The tourism industry must not merely make money from tourists. It must become the medium through which visitors can experience the quality of our life, the content of our culture, and the character of our people. The quality of a tourist's experience is the measure of a nation's quality of life. As Landis Hotels and Resorts President Stanley Yen put it, tourism is a way for Taiwan to make friends with the world. A single friendly experience can make a friend. Having made a friend, the rewards that can flow from such a friendship are endless. Conversely, one negative impression after another will lead to the loss of friends, and the loss of any opportunity to develop our tourism industry. If Taiwan wants to develop its tourism industry, it must not harbor only a desire to take tourists to the cleaners. This is true for mainland visitors or foreigners.

Large numbers of mainland tourists arriving on Taiwan provide us with the opportunity to develop our tourism industry. But the government and industry must stop treating mainland tourists as passersby. They must take concrete action. Mainland China will soon be restoring its May 1st long vacation. Government agencies responsible for reviewing and issuing permits to visit Taiwan should ensure that every visitor departs as happily as he arrived. Based on the number of visitors to Taiwan, they must assume an active role in coordinating transportation, dining, and living facilities, ensuring that they meet the surge in tourist demand, As for cases already being dealt with, the relevant authorities should control tourist volume. Until the overall quality of service has been upgraded, they should maintain a strict limit of 3000 tourists a day. They must not use previously unfilled quotas. The purpose is not to limit quanity, but to control quality. In addition, the government must better evaluate and manage travel agencies. It may use quota allocations as an incentive, to prevent cutthroat competition.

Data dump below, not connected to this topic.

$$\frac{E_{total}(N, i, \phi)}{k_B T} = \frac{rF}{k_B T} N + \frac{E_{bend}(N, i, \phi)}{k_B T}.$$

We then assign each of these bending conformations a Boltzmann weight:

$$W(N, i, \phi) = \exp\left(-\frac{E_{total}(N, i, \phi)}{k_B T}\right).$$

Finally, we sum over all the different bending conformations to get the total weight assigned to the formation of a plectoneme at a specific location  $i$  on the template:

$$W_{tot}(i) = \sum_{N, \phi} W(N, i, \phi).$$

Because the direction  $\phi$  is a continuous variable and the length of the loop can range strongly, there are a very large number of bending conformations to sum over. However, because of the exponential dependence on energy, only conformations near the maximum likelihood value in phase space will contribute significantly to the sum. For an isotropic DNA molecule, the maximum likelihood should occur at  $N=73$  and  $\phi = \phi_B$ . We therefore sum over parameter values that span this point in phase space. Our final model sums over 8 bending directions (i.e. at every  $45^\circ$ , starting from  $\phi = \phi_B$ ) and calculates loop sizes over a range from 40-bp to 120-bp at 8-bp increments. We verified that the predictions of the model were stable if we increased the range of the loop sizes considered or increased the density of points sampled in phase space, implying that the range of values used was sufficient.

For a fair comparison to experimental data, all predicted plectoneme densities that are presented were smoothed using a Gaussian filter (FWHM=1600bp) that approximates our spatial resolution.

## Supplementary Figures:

The Executive Yuan recently passed its "Tourism Pilot Project." It intends to invest 30 billion NT in a four-year Tourism Development Fund to create 550 billion NT in business opportunities. The government's plans are extravagant and ambitious. But developing tourism requires more than paper planning. It requires a wide range of industries and services. From the executive branch it requires entry and exit permits. From the aviation industry it requires quality flight services. From travel agencies it requires itinerary planning and professional standards for tour guides. From the hotel industry it requires quality facilities and trained personnel. To create a tourist attraction requires efficient transportation routes and even high quality public toilets. It requires efficient cooperation between public authority and private creativity to link all these into a sustainable tourism industry. This is not merely about earning foreign exchange. It is also about improving the quality of life on Taiwan.

We must not view tourists arriving on Taiwan as cash cows to be milked, regardless of where they come from. We must make improvements based on our visitors' perceptions. We must then impress visitors with the improvements we have made.

2009.04.28 05:47 am